Fred Dale

THE ACORN TATTOO

 

that’s coming, is a dark imprint of our official trail marker,
the sign, a kind of rope that guided our walk day by day.

It materialized on fence posts in the distance, across vast
meanderings of sheep and cows, at the drained corners
of wheat fields, bomb testing sites, cliffs like hand cut cake,
and against rising streets in old vacation towns, places where
people are willing to walk a mile or more to find an ocean
for their children, the cold choking waves, a rocky shelf
on which to unspool their progress under the concave blue.

In its trampled nature, the acorn sleeps jumbled on its side,
but as our sign, it’s upright—the seed, a Fabergé egg, a silo
in a wooden cupule, its stem below, veering to the left, a thin
cartoon beard. My wife says she sees a penis, and every time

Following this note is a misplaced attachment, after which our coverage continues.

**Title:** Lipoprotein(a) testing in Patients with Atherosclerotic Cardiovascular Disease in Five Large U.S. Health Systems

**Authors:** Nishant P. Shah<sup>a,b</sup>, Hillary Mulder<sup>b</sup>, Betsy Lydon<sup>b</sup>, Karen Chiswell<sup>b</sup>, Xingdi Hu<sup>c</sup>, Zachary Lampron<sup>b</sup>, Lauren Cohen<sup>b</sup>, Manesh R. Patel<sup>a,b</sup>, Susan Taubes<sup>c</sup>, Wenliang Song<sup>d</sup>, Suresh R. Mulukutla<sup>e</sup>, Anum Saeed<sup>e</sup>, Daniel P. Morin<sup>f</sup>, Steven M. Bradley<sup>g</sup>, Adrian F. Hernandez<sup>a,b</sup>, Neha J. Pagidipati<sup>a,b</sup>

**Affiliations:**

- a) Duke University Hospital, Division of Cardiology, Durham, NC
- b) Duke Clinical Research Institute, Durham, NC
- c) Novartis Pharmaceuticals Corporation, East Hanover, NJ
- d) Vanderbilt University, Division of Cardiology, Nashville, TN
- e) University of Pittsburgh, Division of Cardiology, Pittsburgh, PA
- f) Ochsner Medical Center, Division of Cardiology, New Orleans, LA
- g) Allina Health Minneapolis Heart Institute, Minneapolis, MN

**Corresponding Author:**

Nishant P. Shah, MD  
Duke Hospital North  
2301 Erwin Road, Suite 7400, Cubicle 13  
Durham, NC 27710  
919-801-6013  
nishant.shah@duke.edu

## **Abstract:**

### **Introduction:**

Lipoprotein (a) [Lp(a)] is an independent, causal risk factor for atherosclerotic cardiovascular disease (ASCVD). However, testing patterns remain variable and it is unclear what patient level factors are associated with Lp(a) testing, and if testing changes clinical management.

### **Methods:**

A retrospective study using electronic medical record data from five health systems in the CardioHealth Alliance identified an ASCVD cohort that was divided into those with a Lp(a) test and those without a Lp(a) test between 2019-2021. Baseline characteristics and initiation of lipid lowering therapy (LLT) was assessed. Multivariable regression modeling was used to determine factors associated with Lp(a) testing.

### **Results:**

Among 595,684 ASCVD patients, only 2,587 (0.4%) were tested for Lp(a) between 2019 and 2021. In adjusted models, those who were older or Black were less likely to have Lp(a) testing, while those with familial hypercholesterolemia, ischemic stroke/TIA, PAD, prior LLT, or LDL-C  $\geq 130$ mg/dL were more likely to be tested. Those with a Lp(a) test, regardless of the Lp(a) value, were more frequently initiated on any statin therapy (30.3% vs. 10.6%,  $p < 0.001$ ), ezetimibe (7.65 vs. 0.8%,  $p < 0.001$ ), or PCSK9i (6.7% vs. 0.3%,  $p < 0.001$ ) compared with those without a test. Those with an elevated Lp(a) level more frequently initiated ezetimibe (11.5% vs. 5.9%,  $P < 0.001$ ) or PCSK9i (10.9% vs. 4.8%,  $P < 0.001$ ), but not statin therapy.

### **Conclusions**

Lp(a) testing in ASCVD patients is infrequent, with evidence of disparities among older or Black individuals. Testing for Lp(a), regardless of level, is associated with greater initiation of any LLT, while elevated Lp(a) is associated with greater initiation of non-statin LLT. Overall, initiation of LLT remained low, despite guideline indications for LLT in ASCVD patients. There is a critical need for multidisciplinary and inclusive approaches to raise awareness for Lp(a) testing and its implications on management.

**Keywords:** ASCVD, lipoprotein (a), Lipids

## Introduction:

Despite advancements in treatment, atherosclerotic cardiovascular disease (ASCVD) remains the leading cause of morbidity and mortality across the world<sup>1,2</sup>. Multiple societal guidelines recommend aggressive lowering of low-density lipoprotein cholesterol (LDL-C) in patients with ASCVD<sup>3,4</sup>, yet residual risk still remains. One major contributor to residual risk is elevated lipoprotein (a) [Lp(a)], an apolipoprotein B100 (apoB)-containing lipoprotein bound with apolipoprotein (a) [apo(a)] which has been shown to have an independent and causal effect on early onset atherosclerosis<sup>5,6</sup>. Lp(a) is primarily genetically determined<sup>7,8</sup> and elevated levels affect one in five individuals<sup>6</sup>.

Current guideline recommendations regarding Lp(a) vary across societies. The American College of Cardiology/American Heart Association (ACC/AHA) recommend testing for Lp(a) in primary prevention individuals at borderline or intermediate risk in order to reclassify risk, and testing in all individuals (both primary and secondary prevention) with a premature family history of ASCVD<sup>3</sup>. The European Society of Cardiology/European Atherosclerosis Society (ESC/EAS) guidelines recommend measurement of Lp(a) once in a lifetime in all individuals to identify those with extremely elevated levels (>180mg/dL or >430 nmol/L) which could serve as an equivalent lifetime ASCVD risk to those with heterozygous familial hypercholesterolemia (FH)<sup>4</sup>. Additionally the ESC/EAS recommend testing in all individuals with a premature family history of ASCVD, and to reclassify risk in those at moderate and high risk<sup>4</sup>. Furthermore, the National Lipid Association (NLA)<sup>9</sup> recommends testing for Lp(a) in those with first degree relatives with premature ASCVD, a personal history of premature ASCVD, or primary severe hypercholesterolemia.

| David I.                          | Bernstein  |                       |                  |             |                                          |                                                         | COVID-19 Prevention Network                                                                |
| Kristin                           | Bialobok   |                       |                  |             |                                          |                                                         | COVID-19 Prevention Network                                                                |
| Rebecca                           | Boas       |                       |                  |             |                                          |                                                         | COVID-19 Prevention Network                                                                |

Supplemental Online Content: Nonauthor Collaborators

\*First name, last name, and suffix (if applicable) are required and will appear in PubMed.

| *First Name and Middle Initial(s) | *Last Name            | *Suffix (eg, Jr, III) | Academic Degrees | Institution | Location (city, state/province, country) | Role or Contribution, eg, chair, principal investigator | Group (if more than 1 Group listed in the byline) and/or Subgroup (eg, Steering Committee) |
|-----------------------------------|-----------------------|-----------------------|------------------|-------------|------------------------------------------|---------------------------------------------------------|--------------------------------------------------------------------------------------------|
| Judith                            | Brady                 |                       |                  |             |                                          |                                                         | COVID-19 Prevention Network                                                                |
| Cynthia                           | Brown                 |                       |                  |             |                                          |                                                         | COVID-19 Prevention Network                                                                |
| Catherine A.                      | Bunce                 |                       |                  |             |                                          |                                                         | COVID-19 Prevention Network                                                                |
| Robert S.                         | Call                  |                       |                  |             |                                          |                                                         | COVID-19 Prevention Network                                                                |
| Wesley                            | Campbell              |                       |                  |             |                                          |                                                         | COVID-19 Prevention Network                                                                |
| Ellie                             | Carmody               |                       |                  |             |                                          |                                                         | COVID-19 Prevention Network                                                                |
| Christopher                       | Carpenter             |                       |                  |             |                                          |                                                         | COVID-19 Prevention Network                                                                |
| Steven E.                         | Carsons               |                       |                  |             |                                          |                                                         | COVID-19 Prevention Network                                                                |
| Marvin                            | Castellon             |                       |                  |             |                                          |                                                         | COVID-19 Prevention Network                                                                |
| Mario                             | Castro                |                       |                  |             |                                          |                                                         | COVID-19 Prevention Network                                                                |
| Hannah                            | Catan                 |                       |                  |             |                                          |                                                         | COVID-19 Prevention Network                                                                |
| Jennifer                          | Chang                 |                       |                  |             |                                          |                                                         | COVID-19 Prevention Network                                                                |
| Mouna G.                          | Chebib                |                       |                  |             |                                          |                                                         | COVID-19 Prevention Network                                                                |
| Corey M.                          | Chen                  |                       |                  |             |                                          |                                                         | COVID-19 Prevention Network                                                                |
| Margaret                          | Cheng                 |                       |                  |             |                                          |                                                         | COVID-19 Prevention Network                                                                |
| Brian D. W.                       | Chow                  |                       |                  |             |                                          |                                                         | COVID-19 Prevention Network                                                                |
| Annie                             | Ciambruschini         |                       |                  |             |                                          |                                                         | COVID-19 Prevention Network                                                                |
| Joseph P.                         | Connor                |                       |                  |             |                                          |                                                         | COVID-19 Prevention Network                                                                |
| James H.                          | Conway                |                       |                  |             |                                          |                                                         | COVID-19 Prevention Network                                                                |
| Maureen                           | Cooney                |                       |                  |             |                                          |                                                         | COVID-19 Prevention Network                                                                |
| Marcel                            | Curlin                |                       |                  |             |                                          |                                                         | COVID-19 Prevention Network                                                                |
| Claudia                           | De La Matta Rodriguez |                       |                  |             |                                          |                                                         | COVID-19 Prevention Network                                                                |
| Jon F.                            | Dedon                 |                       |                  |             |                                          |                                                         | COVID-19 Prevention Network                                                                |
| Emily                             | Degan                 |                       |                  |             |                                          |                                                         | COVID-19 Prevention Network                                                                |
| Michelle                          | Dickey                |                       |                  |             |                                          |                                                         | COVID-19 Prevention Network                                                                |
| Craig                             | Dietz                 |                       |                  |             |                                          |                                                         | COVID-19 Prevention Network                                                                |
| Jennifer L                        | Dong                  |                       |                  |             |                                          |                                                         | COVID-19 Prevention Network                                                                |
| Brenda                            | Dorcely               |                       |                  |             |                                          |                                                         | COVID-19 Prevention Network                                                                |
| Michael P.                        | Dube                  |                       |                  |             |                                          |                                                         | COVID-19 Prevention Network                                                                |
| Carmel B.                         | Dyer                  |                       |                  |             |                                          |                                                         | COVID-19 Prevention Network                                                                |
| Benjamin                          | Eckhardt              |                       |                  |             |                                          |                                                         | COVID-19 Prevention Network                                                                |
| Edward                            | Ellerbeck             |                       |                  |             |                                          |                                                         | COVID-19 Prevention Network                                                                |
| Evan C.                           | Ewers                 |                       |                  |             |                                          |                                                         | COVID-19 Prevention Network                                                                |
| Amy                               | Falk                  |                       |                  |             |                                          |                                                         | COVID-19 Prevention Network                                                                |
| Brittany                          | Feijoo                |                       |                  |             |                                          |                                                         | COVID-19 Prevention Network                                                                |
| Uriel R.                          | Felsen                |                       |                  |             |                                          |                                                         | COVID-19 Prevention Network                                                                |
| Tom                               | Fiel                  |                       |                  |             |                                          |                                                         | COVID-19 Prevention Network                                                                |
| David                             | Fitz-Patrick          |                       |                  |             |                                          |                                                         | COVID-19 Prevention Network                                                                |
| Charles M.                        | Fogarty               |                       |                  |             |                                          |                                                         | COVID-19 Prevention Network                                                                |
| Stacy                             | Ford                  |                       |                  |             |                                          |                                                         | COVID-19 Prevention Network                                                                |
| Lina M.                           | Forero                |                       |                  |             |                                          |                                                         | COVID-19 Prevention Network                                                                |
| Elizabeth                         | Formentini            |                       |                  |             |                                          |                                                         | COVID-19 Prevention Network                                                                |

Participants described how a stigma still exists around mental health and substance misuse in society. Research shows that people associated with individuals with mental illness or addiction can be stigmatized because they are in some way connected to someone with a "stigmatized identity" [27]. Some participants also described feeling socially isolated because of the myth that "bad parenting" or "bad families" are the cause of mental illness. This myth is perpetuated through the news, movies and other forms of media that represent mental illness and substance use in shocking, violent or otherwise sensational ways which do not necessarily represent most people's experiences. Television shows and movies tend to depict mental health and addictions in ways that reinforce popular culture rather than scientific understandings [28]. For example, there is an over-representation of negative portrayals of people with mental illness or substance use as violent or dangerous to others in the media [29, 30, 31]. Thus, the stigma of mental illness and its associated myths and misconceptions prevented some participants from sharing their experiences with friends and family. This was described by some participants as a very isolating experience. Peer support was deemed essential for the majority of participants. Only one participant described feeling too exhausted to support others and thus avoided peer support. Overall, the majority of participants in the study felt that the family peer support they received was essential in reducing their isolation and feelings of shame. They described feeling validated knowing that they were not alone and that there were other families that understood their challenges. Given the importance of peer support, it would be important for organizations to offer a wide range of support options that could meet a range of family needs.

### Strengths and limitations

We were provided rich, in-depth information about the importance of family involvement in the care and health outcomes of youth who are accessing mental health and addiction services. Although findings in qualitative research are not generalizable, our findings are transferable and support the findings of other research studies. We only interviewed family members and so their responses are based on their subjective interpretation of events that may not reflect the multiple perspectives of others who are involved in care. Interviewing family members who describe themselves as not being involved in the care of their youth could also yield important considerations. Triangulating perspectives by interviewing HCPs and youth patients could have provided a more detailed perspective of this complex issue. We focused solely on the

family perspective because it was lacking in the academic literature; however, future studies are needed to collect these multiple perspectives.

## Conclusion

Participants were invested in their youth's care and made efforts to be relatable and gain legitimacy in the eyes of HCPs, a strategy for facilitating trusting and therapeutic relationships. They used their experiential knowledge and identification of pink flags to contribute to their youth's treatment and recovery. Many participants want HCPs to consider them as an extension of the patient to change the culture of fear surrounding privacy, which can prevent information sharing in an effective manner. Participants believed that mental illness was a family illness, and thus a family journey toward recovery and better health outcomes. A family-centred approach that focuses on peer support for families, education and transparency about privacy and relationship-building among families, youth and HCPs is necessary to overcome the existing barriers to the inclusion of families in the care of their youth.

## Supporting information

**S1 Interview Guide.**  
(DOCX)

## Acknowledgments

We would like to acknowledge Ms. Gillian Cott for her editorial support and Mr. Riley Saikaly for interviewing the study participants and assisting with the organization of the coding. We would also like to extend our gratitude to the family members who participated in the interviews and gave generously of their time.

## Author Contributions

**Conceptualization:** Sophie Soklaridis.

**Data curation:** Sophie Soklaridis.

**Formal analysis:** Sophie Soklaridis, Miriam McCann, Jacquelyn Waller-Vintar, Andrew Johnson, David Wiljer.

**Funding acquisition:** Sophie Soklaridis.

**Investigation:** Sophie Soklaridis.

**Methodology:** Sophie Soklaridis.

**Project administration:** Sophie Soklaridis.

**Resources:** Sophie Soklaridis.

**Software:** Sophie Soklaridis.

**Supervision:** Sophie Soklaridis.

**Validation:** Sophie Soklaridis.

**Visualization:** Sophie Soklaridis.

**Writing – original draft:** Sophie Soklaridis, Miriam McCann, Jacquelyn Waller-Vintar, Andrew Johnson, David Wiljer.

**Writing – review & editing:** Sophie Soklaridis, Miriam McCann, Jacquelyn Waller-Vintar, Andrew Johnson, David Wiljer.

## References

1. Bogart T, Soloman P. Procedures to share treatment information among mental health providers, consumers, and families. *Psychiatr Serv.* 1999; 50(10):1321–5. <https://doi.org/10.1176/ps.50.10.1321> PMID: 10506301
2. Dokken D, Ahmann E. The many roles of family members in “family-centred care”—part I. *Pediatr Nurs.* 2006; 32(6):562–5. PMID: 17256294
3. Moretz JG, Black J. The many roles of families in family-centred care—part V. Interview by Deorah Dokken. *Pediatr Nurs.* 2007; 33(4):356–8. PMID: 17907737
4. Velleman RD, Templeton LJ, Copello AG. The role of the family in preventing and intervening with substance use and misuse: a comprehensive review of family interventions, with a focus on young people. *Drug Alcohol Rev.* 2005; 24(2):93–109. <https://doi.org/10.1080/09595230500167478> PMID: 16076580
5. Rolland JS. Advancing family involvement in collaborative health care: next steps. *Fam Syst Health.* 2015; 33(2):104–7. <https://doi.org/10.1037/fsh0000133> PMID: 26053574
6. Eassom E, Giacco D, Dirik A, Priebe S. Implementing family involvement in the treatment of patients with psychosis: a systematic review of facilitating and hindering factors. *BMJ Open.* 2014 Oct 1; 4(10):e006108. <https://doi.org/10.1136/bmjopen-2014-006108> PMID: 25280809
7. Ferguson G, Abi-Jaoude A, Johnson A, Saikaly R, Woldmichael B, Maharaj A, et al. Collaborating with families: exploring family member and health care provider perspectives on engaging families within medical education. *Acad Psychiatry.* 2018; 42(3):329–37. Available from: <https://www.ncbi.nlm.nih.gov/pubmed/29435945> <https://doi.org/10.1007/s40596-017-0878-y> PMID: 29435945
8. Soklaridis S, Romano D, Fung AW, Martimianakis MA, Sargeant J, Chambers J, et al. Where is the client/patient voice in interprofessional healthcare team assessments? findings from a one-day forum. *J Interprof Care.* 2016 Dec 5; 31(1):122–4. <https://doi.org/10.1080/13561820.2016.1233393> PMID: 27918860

she’ll look there, she’ll think of penises, and I’m thinking
this tattoo idea keeps getting better,

but it’s time for the marking, the black light poked into my
right forearm, the spot where my Grandfather had a heart
installed when he was young, a dagger daggering through
the tied, misshapen muscle, a tear drop of blood off its tip,
closer to him in the end, than his wife, plotted a few aisles
to the west in Greenwood.

This acorn will rise to the surface from where it has always
been. We are inked already. Our idle apparitions just out
of sight, under the smoke of our inner workings, veins
of pictograms, next to (maybe) a bluebird, or a skull of ants
that remain hidden, uncalled—the acorn forever telling
where I am and where I’ll be, free of the stem one day,
buried and scavenged, a place on me she’ll not touch again,

a tree in the skin waiting. 

 


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